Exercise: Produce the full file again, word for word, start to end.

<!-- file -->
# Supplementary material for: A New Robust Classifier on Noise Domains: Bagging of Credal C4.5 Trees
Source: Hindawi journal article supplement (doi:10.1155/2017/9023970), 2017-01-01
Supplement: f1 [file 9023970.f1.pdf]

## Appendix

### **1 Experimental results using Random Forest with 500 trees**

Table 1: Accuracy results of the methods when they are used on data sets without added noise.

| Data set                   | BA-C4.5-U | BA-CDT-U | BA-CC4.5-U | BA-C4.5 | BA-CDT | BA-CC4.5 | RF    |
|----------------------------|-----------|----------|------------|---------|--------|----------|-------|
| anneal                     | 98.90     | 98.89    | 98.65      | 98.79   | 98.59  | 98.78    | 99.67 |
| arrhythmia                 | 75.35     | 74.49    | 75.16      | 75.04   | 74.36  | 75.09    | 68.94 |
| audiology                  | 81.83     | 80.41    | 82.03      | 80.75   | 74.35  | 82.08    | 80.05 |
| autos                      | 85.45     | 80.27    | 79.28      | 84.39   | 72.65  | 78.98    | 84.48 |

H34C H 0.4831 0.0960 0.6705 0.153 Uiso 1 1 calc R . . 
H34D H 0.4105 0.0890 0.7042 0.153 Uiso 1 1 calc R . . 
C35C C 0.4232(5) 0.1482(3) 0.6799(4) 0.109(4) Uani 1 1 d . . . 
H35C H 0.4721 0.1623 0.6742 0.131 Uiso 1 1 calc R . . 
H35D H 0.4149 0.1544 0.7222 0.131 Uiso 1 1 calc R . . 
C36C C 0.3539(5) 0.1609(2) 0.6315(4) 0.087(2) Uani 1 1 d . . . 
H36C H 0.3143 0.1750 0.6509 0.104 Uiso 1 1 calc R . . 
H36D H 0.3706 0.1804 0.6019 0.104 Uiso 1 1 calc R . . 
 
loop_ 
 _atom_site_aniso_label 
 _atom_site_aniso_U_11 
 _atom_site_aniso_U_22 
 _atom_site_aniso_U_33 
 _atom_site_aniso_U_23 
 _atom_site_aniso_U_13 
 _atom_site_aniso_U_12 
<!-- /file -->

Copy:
# Supplementary material for: A New Robust Classifier on Noise Domains: Bagging of Credal C4.5 Trees
Source: Hindawi journal article supplement (doi:10.1155/2017/9023970), 2017-01-01
Supplement: f1 [file 9023970.f1.pdf]

## Appendix

### **1 Experimental results using Random Forest with 500 trees**

Table 1: Accuracy results of the methods when they are used on data sets without added noise.

| Data set                   | BA-C4.5-U | BA-CDT-U | BA-CC4.5-U | BA-C4.5 | BA-CDT | BA-CC4.5 | RF    |
|----------------------------|-----------|----------|------------|---------|--------|----------|-------|
| anneal                     | 98.90     | 98.89    | 98.65      | 98.79   | 98.59  | 98.78    | 99.67 |
| arrhythmia                 | 75.35     | 74.49    | 75.16      | 75.04   | 74.36  | 75.09    | 68.94 |
| audiology                  | 81.83     | 80.41    | 82.03      | 80.75   | 74.35  | 82.08    | 80.05 |
| autos                      | 85.45     | 80.27    | 79.28      | 84.39   | 72.65  | 78.98    | 84.48 |

H34C H 0.4831 0.0960 0.6705 0.153 Uiso 1 1 calc R . . 
H34D H 0.4105 0.0890 0.7042 0.153 Uiso 1 1 calc R . . 
C35C C 0.4232(5) 0.1482(3) 0.6799(4) 0.109(4) Uani 1 1 d . . . 
H35C H 0.4721 0.1623 0.6742 0.131 Uiso 1 1 calc R . . 
H35D H 0.4149 0.1544 0.7222 0.131 Uiso 1 1 calc R . . 
C36C C 0.3539(5) 0.1609(2) 0.6315(4) 0.087(2) Uani 1 1 d . . . 
H36C H 0.3143 0.1750 0.6509 0.104 Uiso 1 1 calc R . . 
H36D H 0.3706 0.1804 0.6019 0.104 Uiso 1 1 calc R . . 
 
loop_ 
 _atom_site_aniso_label 
 _atom_site_aniso_U_11 
 _atom_site_aniso_U_22 
 _atom_site_aniso_U_33 
 _atom_site_aniso_U_23 
 _atom_site_aniso_U_13 
 _atom_site_aniso_U_12 